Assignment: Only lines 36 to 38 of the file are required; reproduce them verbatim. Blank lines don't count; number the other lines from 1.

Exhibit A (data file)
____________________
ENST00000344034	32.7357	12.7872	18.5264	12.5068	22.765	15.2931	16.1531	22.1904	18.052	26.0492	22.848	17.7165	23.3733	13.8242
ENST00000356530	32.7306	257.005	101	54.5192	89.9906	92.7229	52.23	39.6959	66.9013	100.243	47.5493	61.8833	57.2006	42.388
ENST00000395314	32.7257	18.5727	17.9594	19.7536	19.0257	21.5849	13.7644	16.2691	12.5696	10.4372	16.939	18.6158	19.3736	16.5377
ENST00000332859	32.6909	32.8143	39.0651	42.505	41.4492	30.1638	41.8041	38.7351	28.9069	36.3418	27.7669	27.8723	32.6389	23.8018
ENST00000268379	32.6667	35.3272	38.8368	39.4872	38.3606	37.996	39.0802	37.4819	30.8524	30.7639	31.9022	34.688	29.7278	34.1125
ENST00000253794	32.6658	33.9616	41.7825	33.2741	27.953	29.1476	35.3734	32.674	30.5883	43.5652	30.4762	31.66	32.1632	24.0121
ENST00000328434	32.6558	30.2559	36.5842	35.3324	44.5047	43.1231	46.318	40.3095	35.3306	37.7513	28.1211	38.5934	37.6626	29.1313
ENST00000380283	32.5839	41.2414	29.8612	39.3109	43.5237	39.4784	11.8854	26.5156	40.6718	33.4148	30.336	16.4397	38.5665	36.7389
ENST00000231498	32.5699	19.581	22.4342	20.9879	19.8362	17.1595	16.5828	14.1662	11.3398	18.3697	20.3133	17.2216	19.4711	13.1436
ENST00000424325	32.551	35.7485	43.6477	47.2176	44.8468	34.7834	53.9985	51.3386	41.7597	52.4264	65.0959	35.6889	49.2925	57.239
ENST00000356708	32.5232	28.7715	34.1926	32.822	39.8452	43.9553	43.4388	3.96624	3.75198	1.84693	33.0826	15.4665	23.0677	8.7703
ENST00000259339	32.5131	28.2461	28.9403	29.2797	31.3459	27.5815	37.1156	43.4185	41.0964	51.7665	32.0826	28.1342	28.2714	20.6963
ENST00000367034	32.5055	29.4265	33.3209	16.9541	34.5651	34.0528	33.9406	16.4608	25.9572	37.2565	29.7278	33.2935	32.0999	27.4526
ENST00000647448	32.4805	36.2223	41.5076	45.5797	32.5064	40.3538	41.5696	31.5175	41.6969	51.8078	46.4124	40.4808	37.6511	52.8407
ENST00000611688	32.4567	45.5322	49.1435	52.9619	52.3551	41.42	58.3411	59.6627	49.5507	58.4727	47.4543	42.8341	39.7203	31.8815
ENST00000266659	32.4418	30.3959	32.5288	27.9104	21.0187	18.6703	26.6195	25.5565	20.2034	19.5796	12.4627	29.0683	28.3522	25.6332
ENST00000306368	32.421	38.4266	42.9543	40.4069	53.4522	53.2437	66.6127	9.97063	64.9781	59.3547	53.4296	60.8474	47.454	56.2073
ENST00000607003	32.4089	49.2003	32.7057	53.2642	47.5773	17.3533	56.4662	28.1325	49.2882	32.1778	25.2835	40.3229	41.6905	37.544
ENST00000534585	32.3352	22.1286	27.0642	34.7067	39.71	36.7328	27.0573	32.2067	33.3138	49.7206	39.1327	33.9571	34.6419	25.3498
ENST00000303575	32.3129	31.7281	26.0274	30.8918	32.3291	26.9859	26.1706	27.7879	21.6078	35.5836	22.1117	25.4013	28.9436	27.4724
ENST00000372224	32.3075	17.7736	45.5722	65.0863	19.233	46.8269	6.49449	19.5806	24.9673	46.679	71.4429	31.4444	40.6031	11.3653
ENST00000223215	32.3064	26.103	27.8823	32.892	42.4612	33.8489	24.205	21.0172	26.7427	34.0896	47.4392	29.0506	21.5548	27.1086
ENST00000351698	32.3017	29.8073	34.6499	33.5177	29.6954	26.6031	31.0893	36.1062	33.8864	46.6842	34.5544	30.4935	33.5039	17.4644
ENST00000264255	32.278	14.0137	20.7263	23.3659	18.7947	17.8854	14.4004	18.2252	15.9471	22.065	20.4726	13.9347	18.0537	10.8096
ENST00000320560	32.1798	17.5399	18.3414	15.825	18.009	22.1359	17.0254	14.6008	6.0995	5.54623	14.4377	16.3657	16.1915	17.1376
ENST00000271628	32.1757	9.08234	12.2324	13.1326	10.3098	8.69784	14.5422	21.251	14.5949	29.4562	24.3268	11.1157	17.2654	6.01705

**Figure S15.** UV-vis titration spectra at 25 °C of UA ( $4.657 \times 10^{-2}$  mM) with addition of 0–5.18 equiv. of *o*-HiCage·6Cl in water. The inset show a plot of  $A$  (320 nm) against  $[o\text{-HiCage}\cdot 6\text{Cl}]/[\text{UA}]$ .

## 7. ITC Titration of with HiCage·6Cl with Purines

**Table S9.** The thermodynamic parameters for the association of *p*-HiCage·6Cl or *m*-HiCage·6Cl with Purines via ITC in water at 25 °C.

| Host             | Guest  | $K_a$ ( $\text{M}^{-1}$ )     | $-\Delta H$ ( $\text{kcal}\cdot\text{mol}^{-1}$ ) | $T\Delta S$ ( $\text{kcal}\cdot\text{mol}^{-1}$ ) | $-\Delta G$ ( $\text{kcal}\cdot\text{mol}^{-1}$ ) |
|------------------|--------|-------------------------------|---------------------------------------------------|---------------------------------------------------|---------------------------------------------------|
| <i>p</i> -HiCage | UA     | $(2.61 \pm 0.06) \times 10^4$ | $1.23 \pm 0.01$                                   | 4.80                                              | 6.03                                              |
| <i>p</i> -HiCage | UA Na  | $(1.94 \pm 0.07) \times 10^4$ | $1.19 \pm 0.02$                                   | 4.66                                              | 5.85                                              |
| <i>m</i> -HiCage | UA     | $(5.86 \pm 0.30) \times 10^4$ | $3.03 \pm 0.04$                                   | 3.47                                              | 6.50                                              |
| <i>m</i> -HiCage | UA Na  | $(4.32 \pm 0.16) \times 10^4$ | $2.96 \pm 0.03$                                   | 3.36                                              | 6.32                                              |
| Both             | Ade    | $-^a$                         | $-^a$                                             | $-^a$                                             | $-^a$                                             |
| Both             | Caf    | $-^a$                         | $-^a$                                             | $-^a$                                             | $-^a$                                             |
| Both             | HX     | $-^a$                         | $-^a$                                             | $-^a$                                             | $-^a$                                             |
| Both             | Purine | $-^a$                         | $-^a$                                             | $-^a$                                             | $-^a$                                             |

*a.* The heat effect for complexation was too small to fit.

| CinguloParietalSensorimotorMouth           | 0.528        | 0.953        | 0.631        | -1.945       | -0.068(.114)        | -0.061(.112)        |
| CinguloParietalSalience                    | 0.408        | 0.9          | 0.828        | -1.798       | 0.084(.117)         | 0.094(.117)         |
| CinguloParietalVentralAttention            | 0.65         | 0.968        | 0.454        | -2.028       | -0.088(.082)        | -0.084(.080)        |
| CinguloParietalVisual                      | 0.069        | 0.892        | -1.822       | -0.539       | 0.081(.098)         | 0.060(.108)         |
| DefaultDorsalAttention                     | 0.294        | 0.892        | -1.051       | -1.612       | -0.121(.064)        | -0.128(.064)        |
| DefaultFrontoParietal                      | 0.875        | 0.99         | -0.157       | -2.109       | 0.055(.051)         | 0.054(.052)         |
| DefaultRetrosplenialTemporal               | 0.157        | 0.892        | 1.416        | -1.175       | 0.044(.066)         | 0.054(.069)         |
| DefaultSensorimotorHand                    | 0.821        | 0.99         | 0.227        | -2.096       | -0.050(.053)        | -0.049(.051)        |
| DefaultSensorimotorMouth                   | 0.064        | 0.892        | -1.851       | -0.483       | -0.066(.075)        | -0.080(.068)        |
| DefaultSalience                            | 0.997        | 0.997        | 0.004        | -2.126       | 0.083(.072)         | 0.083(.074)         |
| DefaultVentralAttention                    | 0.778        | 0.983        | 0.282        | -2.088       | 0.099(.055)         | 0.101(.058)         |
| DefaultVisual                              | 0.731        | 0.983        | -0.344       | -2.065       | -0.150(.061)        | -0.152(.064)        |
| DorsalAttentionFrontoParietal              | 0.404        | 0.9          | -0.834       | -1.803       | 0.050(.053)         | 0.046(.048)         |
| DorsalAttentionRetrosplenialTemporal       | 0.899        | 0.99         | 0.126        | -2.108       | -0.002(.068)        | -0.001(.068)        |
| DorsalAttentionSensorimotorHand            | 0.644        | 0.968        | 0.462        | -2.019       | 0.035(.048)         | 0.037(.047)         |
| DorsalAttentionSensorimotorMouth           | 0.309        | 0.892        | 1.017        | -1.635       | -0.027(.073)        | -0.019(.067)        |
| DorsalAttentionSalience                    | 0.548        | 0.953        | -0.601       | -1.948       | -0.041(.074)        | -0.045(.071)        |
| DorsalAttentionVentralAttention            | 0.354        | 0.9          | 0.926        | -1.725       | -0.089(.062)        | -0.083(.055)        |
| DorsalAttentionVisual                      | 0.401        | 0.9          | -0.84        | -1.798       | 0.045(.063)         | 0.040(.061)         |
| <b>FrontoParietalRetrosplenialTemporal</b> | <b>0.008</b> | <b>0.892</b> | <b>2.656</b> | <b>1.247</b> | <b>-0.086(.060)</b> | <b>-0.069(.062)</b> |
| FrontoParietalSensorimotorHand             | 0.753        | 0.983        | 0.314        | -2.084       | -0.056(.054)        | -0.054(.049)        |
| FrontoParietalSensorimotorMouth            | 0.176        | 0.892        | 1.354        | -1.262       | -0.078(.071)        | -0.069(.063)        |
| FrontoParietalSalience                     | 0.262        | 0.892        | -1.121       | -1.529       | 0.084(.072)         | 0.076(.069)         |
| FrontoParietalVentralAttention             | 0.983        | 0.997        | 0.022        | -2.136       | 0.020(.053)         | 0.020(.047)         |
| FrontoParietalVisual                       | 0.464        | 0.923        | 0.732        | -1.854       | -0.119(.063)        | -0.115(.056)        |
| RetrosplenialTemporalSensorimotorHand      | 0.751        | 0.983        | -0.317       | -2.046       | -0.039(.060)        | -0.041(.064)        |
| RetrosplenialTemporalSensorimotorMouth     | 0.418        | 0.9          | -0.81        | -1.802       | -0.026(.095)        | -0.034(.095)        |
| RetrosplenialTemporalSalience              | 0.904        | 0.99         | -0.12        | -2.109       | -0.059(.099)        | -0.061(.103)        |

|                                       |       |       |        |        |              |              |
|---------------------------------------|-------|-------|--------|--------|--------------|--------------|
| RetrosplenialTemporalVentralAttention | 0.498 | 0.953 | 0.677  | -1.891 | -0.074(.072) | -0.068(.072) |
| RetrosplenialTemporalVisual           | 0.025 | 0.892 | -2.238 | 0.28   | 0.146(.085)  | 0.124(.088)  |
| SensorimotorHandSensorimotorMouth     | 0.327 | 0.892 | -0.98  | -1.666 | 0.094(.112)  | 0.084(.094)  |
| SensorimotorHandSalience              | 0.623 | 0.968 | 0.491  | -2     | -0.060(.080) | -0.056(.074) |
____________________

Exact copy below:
| Both             | Ade    | $-^a$                         | $-^a$                                             | $-^a$                                             | $-^a$                                             |
| Both             | Caf    | $-^a$                         | $-^a$                                             | $-^a$                                             | $-^a$                                             |
| Both             | HX     | $-^a$                         | $-^a$                                             | $-^a$                                             | $-^a$                                             |